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Whatever Happens Next, Let's Think Clearly About Nuclear Risks

The IntersectionBy Chris MooneyMarch 14, 2011 6:18 AM


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Precipitated by the horrible unfolding disaster in Japan, we are poised to have a big public policy debate about nuclear power in this country--and the advisability of the much touted "Nuclear Renaissance," which President Obama has thrown considerable weight behind. Whatever happens next--and it is not clear right now just how bad the problems at the two afflicted Japanese nuclear plants are, or how well those problems will be contained--I'm hoping that the unfolding debate over nuclear power will based on the best available science. On this front, risk assessment scholar David Ropeik, writing at Scientific American, has already thrown down the gauntlet big time. His view well represents the pro-nuclear side of the debate:

...nuclear radiation, in addition to being actually physically hazardous, has some psychological characteristics that make it particularly frightening, and a frightening history, and as a result, the worst case scenarios get played up, and magnified in the scream-a-thon that 24/7 global communication creates around events like those in Japan. Fear of nuclear energy is reinforced, fear that unquestionably in the coming weeks and months will infect the ongoing debate over what kind of energy future we should have. Nuclear energy certainly has its risks, but are they as great as those from burning coal and oil, given what’s happening to the climate of the earth? Are nuclear emissions, including releases from accidents, as bad as the particulate pollution from fossil fuels? Not close. Remember the low radiation-induced cancer death toll among the hibakusha [survivors of Hiroshima and Nagasaki], or the WHO estimate of 4,000 lifetime cancer deaths from radiation for Chernobyl. Fossil fuel particulates kill several hundred thousand people around the world per year. (Estimates for this risk are all over the place, but Dr. Joel Schwartz of the Harvard School of Public Health, a pioneer in the study of air pollution risks, estimates the number could be as high as 250,000 in the United States alone, annually. Estimates for the annual US death toll from fossil fuel particulate pollution, on the low end, are 20-30,000.) Catastrophe? Yes, we should worry about what’s going on in Japan, and about the risks of nuclear energy. But the more we exaggerate those risks, the more overall harm we could be doing to ourselves, by letting our fears drive energy policy that heavily favors a much more dangerous fossil fuel-based power supply.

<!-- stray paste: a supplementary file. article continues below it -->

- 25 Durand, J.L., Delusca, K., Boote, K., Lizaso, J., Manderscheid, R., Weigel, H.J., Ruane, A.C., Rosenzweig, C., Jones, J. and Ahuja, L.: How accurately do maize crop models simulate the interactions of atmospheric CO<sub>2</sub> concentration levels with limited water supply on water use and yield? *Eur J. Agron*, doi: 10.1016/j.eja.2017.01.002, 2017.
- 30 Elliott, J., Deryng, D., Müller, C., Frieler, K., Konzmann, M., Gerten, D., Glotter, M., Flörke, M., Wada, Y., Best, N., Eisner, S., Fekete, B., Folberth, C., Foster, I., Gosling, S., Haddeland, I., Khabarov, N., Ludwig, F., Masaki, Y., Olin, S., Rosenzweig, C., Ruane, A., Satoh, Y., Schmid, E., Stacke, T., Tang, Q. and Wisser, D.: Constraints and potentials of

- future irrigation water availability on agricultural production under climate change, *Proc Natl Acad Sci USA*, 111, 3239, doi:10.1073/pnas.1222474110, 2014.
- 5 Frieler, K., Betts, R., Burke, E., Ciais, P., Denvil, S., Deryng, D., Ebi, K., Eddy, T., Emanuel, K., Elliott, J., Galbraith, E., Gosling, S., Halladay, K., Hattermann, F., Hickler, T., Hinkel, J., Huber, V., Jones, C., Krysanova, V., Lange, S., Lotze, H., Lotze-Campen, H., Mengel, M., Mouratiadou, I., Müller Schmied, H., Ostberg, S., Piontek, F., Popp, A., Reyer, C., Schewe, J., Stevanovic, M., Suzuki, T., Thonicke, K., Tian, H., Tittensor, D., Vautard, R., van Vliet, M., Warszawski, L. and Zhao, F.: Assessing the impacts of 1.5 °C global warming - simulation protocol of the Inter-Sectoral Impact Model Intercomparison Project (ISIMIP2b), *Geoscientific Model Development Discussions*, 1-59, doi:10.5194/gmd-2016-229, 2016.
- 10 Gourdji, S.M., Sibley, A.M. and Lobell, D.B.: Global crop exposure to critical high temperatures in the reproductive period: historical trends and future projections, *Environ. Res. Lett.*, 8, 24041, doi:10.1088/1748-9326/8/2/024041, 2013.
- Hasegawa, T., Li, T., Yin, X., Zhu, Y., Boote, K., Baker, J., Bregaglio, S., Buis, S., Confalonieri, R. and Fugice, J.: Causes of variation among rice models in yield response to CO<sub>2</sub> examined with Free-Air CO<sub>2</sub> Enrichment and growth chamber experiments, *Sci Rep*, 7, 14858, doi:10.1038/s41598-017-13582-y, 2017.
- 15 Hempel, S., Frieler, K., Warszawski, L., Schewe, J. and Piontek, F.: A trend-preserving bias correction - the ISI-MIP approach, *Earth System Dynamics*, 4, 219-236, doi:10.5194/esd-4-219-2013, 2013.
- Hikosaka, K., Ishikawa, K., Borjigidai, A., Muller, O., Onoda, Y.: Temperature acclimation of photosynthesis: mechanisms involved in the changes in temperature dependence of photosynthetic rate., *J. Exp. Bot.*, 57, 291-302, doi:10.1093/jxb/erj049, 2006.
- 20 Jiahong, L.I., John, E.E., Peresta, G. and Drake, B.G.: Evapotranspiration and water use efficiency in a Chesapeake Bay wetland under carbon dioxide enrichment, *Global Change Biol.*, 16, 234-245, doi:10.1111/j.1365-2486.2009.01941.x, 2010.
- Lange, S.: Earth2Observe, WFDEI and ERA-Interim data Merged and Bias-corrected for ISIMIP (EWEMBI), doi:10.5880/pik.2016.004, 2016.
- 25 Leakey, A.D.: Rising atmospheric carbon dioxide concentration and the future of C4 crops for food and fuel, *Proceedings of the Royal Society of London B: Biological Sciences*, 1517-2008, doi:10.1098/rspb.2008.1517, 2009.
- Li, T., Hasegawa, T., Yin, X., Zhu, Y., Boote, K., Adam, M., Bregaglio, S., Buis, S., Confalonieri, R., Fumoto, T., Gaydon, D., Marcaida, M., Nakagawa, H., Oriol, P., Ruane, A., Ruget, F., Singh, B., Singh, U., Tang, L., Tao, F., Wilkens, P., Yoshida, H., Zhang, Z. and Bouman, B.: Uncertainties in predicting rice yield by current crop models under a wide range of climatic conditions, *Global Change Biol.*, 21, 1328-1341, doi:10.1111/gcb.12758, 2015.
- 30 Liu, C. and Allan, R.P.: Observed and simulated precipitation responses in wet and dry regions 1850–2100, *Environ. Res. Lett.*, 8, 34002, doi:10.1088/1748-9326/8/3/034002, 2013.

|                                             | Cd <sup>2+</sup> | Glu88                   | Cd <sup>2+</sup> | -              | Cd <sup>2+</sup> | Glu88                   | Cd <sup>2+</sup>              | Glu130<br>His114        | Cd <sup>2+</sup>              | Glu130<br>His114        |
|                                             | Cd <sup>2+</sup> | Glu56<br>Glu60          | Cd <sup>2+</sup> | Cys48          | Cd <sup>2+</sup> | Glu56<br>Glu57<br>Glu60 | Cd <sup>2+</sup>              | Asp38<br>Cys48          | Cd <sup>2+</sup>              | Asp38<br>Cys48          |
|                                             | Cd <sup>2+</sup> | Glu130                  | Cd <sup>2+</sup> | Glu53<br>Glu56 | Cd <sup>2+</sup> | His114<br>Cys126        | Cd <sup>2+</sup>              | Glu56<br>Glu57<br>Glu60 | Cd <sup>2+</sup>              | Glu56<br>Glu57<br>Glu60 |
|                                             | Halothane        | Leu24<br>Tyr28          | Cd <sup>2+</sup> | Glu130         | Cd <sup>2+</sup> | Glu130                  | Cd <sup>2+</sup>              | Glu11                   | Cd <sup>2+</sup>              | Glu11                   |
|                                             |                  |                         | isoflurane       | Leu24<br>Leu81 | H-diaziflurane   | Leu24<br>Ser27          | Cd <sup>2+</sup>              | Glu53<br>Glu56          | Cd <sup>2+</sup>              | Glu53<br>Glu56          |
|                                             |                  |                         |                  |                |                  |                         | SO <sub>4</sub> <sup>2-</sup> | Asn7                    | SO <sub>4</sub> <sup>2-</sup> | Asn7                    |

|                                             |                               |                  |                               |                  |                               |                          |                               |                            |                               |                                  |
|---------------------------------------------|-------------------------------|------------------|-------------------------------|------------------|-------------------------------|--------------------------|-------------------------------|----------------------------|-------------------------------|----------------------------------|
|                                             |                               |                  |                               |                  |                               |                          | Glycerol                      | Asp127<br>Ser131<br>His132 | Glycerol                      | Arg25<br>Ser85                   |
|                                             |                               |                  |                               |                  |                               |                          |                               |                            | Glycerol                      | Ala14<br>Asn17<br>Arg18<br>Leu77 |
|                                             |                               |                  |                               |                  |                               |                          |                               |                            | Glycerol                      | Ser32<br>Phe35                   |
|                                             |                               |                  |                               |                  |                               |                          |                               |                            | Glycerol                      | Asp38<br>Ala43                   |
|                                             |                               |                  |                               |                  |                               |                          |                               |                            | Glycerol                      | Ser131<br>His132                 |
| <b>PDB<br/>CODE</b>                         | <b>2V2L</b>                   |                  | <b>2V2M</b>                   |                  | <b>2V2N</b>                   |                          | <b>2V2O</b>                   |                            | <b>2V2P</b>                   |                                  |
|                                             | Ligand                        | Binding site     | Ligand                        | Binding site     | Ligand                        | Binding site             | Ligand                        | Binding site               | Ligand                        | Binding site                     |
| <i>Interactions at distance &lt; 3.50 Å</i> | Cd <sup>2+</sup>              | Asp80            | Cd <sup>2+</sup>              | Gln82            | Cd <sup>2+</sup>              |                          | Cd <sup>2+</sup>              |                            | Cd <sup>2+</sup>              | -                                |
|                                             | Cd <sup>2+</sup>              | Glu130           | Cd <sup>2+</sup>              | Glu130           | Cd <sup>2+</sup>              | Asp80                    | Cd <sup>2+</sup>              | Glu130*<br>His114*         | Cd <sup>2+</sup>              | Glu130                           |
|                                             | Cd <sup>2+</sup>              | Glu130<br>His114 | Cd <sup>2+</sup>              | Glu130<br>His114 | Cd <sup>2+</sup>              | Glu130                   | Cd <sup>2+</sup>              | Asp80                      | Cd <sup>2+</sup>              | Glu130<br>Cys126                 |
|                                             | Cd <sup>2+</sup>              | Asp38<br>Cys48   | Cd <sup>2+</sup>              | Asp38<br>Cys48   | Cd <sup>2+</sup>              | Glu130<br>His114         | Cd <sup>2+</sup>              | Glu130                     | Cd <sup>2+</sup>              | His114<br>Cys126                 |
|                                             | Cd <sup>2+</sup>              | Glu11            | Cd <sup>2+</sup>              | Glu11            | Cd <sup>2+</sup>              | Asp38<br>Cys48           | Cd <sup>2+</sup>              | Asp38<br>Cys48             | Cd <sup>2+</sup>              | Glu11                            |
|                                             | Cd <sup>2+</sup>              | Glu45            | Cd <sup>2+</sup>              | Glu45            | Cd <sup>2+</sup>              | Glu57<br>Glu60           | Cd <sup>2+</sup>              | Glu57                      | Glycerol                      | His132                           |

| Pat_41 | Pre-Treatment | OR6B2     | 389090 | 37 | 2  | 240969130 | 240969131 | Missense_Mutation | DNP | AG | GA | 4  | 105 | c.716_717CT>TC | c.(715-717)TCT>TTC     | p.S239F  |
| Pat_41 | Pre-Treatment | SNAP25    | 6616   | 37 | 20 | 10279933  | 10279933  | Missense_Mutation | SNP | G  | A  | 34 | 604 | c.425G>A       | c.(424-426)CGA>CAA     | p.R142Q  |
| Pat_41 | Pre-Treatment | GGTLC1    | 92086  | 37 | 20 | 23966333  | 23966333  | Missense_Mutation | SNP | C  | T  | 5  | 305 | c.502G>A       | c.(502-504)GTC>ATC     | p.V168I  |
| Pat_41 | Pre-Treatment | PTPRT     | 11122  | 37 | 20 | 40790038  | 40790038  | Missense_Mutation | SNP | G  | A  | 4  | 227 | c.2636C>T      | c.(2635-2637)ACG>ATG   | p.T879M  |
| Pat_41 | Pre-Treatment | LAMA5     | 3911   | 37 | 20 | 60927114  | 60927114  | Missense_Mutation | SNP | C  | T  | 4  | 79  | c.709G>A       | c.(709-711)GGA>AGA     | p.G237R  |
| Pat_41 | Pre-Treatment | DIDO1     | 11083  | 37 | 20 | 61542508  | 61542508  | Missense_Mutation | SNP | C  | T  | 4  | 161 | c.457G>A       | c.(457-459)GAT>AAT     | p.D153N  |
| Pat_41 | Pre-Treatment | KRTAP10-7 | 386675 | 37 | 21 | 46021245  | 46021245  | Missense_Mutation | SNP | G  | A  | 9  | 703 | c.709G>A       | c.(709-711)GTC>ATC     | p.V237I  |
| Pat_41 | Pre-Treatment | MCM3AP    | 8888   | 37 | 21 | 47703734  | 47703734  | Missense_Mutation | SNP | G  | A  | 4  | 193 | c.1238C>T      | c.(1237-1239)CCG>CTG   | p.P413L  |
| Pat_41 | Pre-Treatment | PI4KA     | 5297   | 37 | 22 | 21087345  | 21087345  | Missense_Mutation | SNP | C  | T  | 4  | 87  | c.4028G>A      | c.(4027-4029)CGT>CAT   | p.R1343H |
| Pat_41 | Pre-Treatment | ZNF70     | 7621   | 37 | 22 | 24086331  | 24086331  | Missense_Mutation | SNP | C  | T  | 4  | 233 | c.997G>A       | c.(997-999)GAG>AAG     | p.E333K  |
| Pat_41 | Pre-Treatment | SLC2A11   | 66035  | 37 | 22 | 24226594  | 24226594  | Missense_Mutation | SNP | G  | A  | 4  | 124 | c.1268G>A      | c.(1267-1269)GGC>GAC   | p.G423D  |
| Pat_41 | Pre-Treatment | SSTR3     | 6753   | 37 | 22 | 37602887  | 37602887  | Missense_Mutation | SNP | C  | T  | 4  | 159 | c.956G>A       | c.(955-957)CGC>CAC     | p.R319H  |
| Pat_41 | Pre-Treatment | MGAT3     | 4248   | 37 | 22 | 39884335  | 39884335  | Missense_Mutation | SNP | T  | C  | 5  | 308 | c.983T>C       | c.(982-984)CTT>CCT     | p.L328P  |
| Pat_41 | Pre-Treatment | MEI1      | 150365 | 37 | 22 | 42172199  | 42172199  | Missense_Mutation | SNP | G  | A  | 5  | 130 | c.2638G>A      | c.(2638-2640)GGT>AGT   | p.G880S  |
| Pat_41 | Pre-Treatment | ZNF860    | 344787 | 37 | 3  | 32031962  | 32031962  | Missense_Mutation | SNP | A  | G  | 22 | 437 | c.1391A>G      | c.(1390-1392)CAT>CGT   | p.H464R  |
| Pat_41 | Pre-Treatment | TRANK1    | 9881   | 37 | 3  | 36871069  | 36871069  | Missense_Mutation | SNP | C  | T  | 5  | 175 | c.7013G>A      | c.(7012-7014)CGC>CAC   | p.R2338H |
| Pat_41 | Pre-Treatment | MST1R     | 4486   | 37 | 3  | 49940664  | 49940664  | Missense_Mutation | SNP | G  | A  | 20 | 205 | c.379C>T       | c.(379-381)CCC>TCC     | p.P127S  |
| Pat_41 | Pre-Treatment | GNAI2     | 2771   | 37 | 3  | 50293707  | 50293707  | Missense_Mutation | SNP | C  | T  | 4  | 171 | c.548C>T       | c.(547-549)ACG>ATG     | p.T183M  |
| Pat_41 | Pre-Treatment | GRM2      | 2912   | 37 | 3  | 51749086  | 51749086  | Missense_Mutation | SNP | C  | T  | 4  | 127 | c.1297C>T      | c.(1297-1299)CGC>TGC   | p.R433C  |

What do people think? Is Ropeik's view reasonable? My understanding is that some might put the death toll from Chernobyl higher--Greenpeace puts it as high as 100,000. Still, I find myself tending to agree with Ropeik overall. Put nuclear next to fossil fuels, and nuclear will tend to look pretty good. Put nuclear next to wind and solar, though--or just plain energy efficiency--and it's a very different story....

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